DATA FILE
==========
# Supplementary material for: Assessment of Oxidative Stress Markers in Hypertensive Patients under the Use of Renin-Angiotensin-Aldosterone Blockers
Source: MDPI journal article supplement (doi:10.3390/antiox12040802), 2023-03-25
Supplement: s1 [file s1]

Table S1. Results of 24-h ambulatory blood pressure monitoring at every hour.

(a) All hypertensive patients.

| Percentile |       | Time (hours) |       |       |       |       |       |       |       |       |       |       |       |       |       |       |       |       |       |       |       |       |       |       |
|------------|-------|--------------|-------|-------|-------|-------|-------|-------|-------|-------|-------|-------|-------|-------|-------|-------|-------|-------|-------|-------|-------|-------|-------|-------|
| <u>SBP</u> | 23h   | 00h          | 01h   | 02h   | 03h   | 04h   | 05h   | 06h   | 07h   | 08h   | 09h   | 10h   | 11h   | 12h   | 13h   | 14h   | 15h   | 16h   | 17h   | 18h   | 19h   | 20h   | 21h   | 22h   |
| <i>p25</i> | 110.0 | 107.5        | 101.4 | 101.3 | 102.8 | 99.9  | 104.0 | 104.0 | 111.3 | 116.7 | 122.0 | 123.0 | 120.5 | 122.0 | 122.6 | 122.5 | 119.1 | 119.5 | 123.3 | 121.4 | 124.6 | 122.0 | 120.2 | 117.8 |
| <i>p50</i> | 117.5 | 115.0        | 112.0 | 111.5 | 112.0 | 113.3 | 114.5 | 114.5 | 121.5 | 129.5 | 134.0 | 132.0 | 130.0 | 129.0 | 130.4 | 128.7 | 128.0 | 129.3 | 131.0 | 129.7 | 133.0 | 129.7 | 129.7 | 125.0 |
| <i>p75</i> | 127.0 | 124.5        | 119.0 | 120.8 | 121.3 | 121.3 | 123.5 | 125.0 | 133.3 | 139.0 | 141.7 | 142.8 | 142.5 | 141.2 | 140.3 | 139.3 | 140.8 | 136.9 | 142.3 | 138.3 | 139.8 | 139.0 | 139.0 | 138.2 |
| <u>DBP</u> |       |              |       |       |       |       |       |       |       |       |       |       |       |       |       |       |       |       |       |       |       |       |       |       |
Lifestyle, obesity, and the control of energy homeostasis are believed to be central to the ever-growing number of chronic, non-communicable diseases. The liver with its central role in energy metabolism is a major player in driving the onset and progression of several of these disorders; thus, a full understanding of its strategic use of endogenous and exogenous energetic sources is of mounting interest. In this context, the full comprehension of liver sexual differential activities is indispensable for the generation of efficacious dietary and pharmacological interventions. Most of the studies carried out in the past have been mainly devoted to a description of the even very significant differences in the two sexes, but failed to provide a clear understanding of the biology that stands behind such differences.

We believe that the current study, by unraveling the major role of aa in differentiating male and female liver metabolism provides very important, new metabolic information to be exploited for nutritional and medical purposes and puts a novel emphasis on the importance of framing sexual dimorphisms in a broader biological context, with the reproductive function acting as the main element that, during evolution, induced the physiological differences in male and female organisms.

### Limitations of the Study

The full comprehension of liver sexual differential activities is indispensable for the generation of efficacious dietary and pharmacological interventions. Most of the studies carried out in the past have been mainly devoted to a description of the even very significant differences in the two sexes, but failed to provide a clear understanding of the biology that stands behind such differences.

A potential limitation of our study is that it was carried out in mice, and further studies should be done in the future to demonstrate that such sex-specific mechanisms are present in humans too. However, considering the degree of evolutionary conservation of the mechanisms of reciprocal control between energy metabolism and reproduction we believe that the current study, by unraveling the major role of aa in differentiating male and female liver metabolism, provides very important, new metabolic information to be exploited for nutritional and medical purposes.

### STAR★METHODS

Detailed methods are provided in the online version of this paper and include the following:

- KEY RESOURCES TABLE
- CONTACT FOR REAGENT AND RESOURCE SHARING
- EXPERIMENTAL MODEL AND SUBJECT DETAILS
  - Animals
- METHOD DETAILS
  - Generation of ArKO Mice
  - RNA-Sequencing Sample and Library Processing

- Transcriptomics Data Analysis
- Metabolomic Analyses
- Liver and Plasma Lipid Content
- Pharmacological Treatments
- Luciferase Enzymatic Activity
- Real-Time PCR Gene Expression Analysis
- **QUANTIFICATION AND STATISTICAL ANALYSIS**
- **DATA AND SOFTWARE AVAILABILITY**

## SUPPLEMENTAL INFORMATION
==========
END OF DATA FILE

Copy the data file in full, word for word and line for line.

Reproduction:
# Supplementary material for: Assessment of Oxidative Stress Markers in Hypertensive Patients under the Use of Renin-Angiotensin-Aldosterone Blockers
Source: MDPI journal article supplement (doi:10.3390/antiox12040802), 2023-03-25
Supplement: s1 [file s1]

Table S1. Results of 24-h ambulatory blood pressure monitoring at every hour.

(a) All hypertensive patients.

| Percentile |       | Time (hours) |       |       |       |       |       |       |       |       |       |       |       |       |       |       |       |       |       |       |       |       |       |       |
|------------|-------|--------------|-------|-------|-------|-------|-------|-------|-------|-------|-------|-------|-------|-------|-------|-------|-------|-------|-------|-------|-------|-------|-------|-------|
| <u>SBP</u> | 23h   | 00h          | 01h   | 02h   | 03h   | 04h   | 05h   | 06h   | 07h   | 08h   | 09h   | 10h   | 11h   | 12h   | 13h   | 14h   | 15h   | 16h   | 17h   | 18h   | 19h   | 20h   | 21h   | 22h   |
| <i>p25</i> | 110.0 | 107.5        | 101.4 | 101.3 | 102.8 | 99.9  | 104.0 | 104.0 | 111.3 | 116.7 | 122.0 | 123.0 | 120.5 | 122.0 | 122.6 | 122.5 | 119.1 | 119.5 | 123.3 | 121.4 | 124.6 | 122.0 | 120.2 | 117.8 |
| <i>p50</i> | 117.5 | 115.0        | 112.0 | 111.5 | 112.0 | 113.3 | 114.5 | 114.5 | 121.5 | 129.5 | 134.0 | 132.0 | 130.0 | 129.0 | 130.4 | 128.7 | 128.0 | 129.3 | 131.0 | 129.7 | 133.0 | 129.7 | 129.7 | 125.0 |
| <i>p75</i> | 127.0 | 124.5        | 119.0 | 120.8 | 121.3 | 121.3 | 123.5 | 125.0 | 133.3 | 139.0 | 141.7 | 142.8 | 142.5 | 141.2 | 140.3 | 139.3 | 140.8 | 136.9 | 142.3 | 138.3 | 139.8 | 139.0 | 139.0 | 138.2 |
| <u>DBP</u> |       |              |       |       |       |       |       |       |       |       |       |       |       |       |       |       |       |       |       |       |       |       |       |       |
Lifestyle, obesity, and the control of energy homeostasis are believed to be central to the ever-growing number of chronic, non-communicable diseases. The liver with its central role in energy metabolism is a major player in driving the onset and progression of several of these disorders; thus, a full understanding of its strategic use of endogenous and exogenous energetic sources is of mounting interest. In this context, the full comprehension of liver sexual differential activities is indispensable for the generation of efficacious dietary and pharmacological interventions. Most of the studies carried out in the past have been mainly devoted to a description of the even very significant differences in the two sexes, but failed to provide a clear understanding of the biology that stands behind such differences.

We believe that the current study, by unraveling the major role of aa in differentiating male and female liver metabolism provides very important, new metabolic information to be exploited for nutritional and medical purposes and puts a novel emphasis on the importance of framing sexual dimorphisms in a broader biological context, with the reproductive function acting as the main element that, during evolution, induced the physiological differences in male and female organisms.

### Limitations of the Study

The full comprehension of liver sexual differential activities is indispensable for the generation of efficacious dietary and pharmacological interventions. Most of the studies carried out in the past have been mainly devoted to a description of the even very significant differences in the two sexes, but failed to provide a clear understanding of the biology that stands behind such differences.

A potential limitation of our study is that it was carried out in mice, and further studies should be done in the future to demonstrate that such sex-specific mechanisms are present in humans too. However, considering the degree of evolutionary conservation of the mechanisms of reciprocal control between energy metabolism and reproduction we believe that the current study, by unraveling the major role of aa in differentiating male and female liver metabolism, provides very important, new metabolic information to be exploited for nutritional and medical purposes.

### STAR★METHODS

Detailed methods are provided in the online version of this paper and include the following:

- KEY RESOURCES TABLE
- CONTACT FOR REAGENT AND RESOURCE SHARING
- EXPERIMENTAL MODEL AND SUBJECT DETAILS
  - Animals
- METHOD DETAILS
  - Generation of ArKO Mice
  - RNA-Sequencing Sample and Library Processing

- Transcriptomics Data Analysis
- Metabolomic Analyses
- Liver and Plasma Lipid Content
- Pharmacological Treatments
- Luciferase Enzymatic Activity
- Real-Time PCR Gene Expression Analysis
- **QUANTIFICATION AND STATISTICAL ANALYSIS**
- **DATA AND SOFTWARE AVAILABILITY**

## SUPPLEMENTAL INFORMATION